The program began earlier this year. The non-profit agencies responsible for the programs publicized the project, then took applications from residents. In Broward County, 150 homeowners are scheduled to have work done this year; other Broward residents were on a waiting list.

"We had lines out the door," said Sandy Lloyd, disaster specialist with Volunteer Broward. "There’s way more than 150 we could really help. Way more."

Once a homeowner has been selected, the Volunteer Florida Foundation sends a certified inspector to the home to conduct a free inspection. The agencies in each county then work with the homeowner to schedule the work, arrange for necessary building permits and hire contractors. Two contractors have been hired in Broward County.

The local groups are asked to find matching funds as well as consider the use of volunteers to assist the contractors in order to leverage the project, Yack said. She said volunteers from faith-based groups, such as Mennonite Disaster Service which have construction experience, were especially welcome, as were people who can help find discounts on shutters, doors and roof bracing materials. "Right now, we have about 20 volunteers waiting for us to tell them what homes to go to," Lloyd said.

"It’s not just about getting the funds," Hirsch added. "It’s about layering the project with volunteers. Some actually have some construction background, although probably not a lot. But the ones that don’t can still do a great deal of work that doesn’t require hammering and nails."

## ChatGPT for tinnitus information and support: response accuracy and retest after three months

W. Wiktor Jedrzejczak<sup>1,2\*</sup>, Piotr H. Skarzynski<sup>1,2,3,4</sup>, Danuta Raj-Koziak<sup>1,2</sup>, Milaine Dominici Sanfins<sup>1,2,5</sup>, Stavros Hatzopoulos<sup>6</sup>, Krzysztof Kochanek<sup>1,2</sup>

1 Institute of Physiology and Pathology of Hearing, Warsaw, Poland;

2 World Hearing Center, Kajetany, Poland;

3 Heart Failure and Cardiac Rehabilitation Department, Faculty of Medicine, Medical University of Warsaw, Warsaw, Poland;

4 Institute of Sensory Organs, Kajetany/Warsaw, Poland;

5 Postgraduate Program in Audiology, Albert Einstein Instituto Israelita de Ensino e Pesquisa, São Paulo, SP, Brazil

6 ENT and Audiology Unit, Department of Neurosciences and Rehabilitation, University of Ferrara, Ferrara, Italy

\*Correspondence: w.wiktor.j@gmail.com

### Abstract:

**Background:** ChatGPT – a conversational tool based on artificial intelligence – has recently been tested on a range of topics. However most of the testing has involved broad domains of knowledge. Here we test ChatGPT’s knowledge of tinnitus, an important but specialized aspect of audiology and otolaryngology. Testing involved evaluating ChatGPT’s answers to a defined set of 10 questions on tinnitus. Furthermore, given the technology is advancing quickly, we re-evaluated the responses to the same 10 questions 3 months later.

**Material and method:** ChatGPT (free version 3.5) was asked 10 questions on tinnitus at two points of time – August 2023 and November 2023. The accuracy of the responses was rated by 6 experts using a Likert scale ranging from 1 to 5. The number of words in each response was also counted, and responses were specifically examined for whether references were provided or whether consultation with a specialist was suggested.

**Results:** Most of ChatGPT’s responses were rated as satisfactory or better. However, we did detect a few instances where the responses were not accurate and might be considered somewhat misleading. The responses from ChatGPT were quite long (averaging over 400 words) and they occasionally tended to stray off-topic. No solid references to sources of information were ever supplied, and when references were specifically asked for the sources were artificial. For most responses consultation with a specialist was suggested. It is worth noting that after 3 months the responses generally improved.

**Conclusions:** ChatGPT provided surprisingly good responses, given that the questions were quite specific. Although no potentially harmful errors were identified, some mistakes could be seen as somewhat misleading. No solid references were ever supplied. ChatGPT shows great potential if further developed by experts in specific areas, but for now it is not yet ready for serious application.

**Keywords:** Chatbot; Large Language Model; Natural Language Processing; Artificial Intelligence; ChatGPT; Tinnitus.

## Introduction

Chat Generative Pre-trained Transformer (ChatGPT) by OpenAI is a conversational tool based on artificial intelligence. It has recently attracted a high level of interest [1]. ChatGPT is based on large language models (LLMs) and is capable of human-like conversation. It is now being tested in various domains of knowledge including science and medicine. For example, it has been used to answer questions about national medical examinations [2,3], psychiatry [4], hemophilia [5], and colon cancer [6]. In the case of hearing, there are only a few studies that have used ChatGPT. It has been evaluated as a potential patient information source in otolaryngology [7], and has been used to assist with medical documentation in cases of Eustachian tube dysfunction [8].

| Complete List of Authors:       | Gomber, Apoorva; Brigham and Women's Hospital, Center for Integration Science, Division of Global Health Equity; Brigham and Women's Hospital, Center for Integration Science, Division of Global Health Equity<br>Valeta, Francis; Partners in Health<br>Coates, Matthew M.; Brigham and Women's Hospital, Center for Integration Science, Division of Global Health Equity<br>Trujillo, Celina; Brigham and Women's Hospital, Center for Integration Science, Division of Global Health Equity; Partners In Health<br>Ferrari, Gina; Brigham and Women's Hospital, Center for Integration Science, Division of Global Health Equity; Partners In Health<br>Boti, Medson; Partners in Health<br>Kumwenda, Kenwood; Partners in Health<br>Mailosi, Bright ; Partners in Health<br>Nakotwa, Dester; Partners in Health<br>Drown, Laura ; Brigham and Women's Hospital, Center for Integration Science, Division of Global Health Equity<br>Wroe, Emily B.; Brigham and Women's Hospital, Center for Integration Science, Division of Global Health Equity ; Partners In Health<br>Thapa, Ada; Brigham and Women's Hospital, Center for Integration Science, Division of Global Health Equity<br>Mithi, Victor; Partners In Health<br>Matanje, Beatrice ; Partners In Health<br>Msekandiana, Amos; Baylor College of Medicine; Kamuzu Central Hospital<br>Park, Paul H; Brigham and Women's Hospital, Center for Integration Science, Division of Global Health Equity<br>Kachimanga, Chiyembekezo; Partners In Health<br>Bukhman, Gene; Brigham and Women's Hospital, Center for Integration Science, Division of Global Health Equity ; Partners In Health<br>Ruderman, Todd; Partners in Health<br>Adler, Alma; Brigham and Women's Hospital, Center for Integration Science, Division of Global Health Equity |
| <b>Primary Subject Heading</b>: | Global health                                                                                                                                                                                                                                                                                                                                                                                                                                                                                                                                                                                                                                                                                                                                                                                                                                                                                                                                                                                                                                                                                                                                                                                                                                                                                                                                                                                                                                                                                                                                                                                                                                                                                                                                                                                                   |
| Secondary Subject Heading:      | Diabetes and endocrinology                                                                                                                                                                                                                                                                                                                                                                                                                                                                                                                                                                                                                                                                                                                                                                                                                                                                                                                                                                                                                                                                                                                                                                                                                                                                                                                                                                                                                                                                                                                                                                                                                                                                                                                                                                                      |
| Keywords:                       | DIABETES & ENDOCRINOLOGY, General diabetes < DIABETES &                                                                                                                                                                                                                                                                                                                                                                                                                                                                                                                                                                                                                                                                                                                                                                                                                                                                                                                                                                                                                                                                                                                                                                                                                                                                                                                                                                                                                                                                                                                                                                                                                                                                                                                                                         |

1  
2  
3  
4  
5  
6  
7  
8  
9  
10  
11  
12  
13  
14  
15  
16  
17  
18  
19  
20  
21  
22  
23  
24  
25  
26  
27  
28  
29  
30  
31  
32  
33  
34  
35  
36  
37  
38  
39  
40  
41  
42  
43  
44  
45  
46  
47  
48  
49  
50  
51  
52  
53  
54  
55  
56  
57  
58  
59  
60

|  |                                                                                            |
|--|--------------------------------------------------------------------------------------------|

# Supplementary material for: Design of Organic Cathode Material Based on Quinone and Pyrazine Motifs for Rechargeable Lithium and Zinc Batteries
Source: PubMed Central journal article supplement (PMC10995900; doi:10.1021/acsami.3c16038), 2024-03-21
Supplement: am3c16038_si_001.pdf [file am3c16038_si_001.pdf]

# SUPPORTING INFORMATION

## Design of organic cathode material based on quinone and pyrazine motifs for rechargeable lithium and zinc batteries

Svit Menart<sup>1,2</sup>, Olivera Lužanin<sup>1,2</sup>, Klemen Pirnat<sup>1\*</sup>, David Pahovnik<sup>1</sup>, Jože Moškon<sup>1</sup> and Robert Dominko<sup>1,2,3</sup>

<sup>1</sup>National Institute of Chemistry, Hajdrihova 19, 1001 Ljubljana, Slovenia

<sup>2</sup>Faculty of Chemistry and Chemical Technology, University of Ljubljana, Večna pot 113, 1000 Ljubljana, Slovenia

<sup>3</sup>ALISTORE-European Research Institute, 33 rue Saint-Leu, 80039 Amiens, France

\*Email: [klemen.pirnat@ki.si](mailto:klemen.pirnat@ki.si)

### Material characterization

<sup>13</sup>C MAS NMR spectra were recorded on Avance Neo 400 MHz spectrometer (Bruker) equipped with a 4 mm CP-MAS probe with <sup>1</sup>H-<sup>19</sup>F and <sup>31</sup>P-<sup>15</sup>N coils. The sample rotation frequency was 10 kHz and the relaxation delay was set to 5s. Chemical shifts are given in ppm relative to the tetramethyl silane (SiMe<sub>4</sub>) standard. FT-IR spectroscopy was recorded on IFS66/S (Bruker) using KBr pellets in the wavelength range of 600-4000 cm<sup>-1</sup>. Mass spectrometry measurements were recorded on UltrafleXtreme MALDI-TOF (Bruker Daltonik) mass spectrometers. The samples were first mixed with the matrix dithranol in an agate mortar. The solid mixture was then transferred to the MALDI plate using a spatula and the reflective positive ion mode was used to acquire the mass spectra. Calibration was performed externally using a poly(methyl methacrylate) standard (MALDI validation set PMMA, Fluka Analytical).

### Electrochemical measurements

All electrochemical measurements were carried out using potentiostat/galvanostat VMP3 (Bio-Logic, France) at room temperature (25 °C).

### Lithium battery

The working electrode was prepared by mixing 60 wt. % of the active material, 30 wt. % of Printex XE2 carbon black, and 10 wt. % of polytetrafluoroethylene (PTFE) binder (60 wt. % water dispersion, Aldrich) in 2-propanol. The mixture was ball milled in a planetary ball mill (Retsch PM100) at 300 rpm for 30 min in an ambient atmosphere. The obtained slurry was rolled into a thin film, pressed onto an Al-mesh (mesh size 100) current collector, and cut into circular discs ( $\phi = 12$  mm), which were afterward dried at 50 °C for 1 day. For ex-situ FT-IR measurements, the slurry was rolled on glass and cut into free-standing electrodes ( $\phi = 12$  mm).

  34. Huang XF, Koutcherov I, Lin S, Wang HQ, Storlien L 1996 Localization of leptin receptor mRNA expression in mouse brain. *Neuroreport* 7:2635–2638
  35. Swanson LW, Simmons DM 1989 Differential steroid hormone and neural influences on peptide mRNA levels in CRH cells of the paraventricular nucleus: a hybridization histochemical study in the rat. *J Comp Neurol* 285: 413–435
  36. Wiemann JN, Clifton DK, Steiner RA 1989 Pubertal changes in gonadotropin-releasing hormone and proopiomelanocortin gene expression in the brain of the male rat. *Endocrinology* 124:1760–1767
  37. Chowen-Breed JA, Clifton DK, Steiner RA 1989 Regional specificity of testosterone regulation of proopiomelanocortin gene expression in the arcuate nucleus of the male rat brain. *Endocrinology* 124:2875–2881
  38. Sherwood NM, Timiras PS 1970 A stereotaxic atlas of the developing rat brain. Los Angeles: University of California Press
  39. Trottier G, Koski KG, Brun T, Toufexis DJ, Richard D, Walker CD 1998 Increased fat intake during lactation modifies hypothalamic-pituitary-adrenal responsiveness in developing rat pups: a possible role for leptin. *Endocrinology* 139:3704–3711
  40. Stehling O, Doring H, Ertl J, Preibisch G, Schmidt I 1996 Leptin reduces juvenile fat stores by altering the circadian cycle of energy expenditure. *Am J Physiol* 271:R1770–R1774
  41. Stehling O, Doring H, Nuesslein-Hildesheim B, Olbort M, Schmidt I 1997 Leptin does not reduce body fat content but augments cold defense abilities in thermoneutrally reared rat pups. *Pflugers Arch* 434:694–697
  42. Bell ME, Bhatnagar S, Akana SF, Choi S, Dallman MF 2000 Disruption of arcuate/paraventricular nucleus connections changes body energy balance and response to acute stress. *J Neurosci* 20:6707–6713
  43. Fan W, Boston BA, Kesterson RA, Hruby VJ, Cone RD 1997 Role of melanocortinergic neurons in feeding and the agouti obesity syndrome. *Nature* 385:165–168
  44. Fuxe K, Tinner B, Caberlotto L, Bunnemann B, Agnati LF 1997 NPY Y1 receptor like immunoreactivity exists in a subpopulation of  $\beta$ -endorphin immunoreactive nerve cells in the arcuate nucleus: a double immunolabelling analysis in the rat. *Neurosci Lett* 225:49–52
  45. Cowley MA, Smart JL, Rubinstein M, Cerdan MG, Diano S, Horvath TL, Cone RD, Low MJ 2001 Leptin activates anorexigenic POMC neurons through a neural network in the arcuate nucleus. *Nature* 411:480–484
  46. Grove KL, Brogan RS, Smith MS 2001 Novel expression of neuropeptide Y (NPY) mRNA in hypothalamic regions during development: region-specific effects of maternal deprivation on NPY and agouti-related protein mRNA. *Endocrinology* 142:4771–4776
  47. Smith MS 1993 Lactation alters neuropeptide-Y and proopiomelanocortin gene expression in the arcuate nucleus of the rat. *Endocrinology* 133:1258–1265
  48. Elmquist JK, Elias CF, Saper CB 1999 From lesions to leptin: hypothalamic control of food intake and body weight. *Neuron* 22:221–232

Each project is limited to a maximum of $2,500, eliminating the need for competitive bidding, Yack said. Homeowners can pay extra to upgrade the industrial-style hurricane shutters or have additional work done that may not be covered under the program, she said.

Yack said that the non-profit agencies were quickly learning about construction.

"They didn’t start as experts in shutters," she said. "They will end this project as experts in shutters (and) be incredibly valuable."

The low-income home strengthening project is just one part of the My Safe Florida Home program. Another much larger part, with a $250 million budget, involves matching grants of up to $5,000 to homeowners for upgrades. At the start of 2007, the My Safe Florida Home program had received more than 65,000 applications for wind inspections, officials said.
Yack said she expected the low-income program to continue for another year or two, with funding expected to double and the project expanded into other vulnerable counties.

"More money is going to be transferred into the low-income portion of the program because the need is so great," she said, adding, "And because we’re doing a good job."

Reproduced with permission from Disaster News Network www.disasternews.net
(c) 2007 Village Life Compan


  1. Governor Crist vetoed hurricane help funding for manufactured homes at the eleventh hour and transferred said funds to high income homes. Now you praise that low incomers are getting the nod. High and low incomers 1, middle incomers Ã?. Crist does not care about middle incomers, throws a bone to the low incomers in an effort to be politically correct and caters to the high incomers. I am quite disappointed that you at Good News are ignorant about this and I’m gonna forward this Link and my reply to all my friends who were short changed.